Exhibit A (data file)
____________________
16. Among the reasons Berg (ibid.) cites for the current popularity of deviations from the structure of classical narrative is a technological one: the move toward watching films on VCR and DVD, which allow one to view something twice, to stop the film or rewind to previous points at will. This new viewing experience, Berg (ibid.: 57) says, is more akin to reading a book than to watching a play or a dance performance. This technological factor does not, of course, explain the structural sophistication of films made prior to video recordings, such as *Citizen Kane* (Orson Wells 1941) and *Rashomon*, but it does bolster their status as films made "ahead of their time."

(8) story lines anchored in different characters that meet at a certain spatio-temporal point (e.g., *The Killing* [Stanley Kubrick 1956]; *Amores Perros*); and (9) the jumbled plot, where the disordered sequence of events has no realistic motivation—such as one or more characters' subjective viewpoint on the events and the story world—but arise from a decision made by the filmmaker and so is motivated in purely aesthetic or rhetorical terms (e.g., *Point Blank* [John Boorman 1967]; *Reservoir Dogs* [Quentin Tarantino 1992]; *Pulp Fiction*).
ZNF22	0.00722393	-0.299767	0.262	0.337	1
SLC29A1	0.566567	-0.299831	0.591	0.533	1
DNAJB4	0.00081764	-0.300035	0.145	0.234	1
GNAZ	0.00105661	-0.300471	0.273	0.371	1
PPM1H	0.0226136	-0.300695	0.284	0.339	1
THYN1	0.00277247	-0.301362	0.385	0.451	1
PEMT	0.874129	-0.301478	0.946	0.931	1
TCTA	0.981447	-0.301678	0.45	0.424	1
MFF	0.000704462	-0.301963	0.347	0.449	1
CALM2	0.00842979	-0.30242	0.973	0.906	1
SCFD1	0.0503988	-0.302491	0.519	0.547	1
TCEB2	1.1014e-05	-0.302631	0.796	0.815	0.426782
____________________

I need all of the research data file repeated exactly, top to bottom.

16. Among the reasons Berg (ibid.) cites for the current popularity of deviations from the structure of classical narrative is a technological one: the move toward watching films on VCR and DVD, which allow one to view something twice, to stop the film or rewind to previous points at will. This new viewing experience, Berg (ibid.: 57) says, is more akin to reading a book than to watching a play or a dance performance. This technological factor does not, of course, explain the structural sophistication of films made prior to video recordings, such as *Citizen Kane* (Orson Wells 1941) and *Rashomon*, but it does bolster their status as films made "ahead of their time."

(8) story lines anchored in different characters that meet at a certain spatio-temporal point (e.g., *The Killing* [Stanley Kubrick 1956]; *Amores Perros*); and (9) the jumbled plot, where the disordered sequence of events has no realistic motivation—such as one or more characters' subjective viewpoint on the events and the story world—but arise from a decision made by the filmmaker and so is motivated in purely aesthetic or rhetorical terms (e.g., *Point Blank* [John Boorman 1967]; *Reservoir Dogs* [Quentin Tarantino 1992]; *Pulp Fiction*).
ZNF22	0.00722393	-0.299767	0.262	0.337	1
SLC29A1	0.566567	-0.299831	0.591	0.533	1
DNAJB4	0.00081764	-0.300035	0.145	0.234	1
GNAZ	0.00105661	-0.300471	0.273	0.371	1
PPM1H	0.0226136	-0.300695	0.284	0.339	1
THYN1	0.00277247	-0.301362	0.385	0.451	1
PEMT	0.874129	-0.301478	0.946	0.931	1
TCTA	0.981447	-0.301678	0.45	0.424	1
MFF	0.000704462	-0.301963	0.347	0.449	1
CALM2	0.00842979	-0.30242	0.973	0.906	1
SCFD1	0.0503988	-0.302491	0.519	0.547	1
TCEB2	1.1014e-05	-0.302631	0.796	0.815	0.426782